44 people arrested in Poland over online child abuse
Arrests were made across Poland during a large-scale operation targeting the sexual exploitation of minors online.
Officers from the Polish Central Cybercrime Bureau (CBZC) raided 82 locations across the country and arrested 44 suspects aged between 18 and 66. They seized 15,500 pictures and video files depicting the sexual abuse of children, some of them infants and toddlers.
Police also confiscated 350 large-capacity digital storage units during the operation. Authorities said some included encrypted files that would be further investigated once decrypted.
A special task force set up in August carried out the operation in late October. Polish media reported it to be the largest such action in the country so far.
The cybercrime task force cooperated with other national and local authorities and Europol, a pan-European agency that helped identify the victims. Google and Facebook also worked with the police, while the National Center for Missing and Exploited Children, a US-based nonprofit, assisted with the investigation.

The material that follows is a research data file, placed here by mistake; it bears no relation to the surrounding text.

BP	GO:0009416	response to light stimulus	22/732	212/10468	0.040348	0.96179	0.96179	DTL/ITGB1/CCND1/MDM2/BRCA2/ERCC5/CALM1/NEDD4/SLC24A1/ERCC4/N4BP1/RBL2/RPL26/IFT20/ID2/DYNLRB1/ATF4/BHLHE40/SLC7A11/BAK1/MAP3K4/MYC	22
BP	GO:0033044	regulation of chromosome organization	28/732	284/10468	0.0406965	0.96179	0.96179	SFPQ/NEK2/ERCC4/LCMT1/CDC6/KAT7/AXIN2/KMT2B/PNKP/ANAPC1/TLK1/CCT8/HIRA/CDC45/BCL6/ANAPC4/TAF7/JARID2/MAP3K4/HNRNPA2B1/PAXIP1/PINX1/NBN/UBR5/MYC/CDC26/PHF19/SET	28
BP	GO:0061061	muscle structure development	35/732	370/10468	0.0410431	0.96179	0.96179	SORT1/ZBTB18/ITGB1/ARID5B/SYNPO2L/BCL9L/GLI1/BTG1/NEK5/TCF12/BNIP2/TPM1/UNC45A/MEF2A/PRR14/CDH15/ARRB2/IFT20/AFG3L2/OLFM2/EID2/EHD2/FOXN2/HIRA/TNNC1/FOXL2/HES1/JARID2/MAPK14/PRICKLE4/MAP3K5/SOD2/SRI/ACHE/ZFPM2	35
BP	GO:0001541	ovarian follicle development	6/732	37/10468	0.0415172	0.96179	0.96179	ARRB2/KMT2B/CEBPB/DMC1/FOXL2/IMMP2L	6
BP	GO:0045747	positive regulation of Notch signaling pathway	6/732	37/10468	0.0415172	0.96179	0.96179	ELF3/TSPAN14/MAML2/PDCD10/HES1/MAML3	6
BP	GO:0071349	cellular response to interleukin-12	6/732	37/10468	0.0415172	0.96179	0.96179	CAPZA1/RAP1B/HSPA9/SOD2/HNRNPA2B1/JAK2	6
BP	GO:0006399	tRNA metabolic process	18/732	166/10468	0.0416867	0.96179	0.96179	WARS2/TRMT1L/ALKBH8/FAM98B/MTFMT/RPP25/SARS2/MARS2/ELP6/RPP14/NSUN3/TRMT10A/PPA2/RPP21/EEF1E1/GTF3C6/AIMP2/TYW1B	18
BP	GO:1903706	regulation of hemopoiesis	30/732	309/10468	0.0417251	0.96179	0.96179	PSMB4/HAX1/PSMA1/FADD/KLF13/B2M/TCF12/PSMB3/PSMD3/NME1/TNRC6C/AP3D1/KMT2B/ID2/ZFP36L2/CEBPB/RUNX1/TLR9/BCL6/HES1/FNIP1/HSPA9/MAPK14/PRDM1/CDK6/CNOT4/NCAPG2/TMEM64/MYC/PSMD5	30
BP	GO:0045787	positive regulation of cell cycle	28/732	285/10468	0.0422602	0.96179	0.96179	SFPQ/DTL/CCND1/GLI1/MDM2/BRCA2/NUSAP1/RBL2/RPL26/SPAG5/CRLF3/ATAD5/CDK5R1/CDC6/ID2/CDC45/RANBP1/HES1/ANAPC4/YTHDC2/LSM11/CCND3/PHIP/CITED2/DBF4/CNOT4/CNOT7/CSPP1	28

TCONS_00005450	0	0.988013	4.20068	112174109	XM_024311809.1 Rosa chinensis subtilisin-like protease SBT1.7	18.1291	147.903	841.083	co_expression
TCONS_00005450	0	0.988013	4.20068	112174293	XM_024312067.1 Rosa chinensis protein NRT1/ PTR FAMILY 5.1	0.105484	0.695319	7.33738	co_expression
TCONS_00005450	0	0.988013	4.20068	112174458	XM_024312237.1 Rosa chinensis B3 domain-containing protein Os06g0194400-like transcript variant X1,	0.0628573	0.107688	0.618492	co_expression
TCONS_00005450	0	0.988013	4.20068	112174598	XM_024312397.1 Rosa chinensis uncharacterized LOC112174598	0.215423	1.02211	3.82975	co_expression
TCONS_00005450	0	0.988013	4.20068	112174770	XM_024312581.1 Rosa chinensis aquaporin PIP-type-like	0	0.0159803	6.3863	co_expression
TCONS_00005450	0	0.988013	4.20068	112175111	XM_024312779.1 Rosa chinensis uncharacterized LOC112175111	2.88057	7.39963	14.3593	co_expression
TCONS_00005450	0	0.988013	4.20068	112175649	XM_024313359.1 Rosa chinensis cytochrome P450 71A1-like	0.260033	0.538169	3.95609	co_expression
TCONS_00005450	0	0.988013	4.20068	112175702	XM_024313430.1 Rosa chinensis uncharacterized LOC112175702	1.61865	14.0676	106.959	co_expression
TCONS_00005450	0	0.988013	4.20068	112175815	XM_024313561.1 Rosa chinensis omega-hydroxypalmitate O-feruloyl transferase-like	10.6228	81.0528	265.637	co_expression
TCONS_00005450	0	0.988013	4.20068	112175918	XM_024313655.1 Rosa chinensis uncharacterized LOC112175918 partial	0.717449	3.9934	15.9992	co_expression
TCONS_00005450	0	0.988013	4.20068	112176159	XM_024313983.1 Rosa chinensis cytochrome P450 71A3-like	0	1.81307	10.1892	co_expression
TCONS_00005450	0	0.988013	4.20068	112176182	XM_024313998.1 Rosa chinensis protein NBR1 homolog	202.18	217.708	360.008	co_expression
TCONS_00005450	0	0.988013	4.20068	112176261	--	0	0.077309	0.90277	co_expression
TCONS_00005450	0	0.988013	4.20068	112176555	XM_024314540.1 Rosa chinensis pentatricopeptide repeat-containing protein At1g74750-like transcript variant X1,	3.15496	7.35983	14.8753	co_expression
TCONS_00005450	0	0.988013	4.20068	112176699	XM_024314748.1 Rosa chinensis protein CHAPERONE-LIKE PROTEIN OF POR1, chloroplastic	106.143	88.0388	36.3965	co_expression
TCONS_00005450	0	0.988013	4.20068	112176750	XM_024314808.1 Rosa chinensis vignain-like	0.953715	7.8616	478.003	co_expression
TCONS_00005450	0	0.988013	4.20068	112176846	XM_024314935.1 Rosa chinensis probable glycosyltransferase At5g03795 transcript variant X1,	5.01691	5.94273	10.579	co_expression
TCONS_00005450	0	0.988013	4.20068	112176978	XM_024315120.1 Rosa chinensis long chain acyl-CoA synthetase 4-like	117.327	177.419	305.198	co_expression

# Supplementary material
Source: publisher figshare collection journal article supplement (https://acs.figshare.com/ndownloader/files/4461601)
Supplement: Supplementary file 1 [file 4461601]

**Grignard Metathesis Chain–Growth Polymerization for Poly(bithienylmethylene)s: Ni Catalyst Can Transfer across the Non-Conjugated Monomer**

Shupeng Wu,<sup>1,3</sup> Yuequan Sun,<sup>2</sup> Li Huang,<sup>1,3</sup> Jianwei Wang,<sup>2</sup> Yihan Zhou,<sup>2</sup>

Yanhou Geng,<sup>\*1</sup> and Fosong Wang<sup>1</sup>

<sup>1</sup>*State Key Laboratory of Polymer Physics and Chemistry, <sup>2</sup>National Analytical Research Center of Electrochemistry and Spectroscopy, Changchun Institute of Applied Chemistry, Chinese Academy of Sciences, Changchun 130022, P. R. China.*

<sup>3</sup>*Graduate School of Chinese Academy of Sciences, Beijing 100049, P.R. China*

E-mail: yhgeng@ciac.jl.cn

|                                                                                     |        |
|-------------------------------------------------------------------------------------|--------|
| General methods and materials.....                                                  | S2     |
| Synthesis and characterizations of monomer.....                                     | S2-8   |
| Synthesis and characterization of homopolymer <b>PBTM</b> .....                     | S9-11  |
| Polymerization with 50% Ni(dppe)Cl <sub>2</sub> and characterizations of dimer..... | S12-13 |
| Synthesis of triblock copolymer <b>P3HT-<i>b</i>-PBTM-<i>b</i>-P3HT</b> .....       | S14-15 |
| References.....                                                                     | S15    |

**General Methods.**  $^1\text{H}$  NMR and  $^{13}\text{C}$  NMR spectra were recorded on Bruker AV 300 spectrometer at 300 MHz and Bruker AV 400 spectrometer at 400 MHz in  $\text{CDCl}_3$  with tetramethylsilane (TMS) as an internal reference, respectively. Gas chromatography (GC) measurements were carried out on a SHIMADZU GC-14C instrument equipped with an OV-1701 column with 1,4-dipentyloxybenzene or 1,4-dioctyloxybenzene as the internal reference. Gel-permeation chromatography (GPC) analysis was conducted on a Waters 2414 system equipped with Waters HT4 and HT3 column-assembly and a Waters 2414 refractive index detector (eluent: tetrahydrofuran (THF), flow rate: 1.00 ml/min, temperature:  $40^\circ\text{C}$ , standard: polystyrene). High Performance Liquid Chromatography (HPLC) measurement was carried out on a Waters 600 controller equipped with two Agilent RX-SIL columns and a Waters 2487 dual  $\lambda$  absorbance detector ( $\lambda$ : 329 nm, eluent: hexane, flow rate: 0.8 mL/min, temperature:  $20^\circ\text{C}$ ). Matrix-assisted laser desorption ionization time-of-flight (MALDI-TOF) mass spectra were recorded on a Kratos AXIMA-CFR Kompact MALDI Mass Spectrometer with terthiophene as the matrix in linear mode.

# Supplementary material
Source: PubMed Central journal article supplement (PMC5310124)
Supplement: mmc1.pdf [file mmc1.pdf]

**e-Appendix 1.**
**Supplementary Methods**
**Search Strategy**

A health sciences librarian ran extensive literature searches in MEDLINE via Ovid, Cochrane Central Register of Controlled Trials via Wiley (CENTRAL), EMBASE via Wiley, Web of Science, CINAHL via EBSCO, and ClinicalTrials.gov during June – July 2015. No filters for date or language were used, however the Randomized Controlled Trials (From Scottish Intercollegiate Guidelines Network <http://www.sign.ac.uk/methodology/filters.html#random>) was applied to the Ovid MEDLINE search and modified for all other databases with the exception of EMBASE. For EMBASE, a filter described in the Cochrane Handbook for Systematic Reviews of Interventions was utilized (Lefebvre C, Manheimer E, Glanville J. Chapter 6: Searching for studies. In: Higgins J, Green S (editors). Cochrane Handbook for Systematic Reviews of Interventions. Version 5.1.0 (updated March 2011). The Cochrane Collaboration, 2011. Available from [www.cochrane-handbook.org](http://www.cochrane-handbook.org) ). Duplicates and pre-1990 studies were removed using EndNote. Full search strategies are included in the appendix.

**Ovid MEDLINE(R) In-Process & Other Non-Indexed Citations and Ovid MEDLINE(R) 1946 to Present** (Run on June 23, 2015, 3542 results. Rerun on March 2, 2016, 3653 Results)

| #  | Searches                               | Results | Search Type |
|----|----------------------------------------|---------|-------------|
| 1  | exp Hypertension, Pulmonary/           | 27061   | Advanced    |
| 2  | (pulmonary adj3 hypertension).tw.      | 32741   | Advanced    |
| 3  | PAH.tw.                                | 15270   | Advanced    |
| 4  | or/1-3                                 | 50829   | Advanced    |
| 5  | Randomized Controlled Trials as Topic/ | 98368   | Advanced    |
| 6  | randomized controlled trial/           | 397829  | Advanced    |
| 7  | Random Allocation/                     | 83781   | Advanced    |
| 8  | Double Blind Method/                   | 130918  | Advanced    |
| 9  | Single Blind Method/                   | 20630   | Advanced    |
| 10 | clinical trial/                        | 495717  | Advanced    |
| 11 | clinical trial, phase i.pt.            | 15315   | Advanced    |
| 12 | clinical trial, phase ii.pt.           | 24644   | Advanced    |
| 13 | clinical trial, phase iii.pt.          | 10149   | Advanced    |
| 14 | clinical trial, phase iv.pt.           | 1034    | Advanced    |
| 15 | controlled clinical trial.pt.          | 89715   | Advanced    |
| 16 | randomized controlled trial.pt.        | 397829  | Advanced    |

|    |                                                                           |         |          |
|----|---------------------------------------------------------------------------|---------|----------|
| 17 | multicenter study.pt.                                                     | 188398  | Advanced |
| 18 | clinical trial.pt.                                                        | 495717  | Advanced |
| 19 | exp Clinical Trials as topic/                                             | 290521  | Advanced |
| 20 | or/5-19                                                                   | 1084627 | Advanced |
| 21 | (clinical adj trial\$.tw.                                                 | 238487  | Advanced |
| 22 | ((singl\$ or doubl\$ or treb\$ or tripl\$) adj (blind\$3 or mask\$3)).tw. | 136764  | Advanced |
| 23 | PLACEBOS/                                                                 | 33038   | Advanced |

The leads obtained during the operation would be used in other ongoing investigations. According to police, one arrested individual was already a suspect in a case of the sexual abuse of two minors. Another had served a five-and-a-half-year sentence for sexually exploiting children.
The operation possibly prevented more crimes. During a raid at one home, the police uncovered correspondence with a 10-year-old which suggested the suspect had already gained the child’s trust for subsequent abuse.
In another instance, the police said that “an aggravated criminal sexual offense” was likely prevented with the arrest of the suspect but did not provide more details due to an ongoing investigation.
Interpol named online child abuse as one of the major concerns for police in its Global Crime Trend Report released last month. Interpol said more cases of sexual exploitation of children online were now detected in the European Union. Exacerbated by the pandemic, online child abuse would remain an increasing threat, the report warned.
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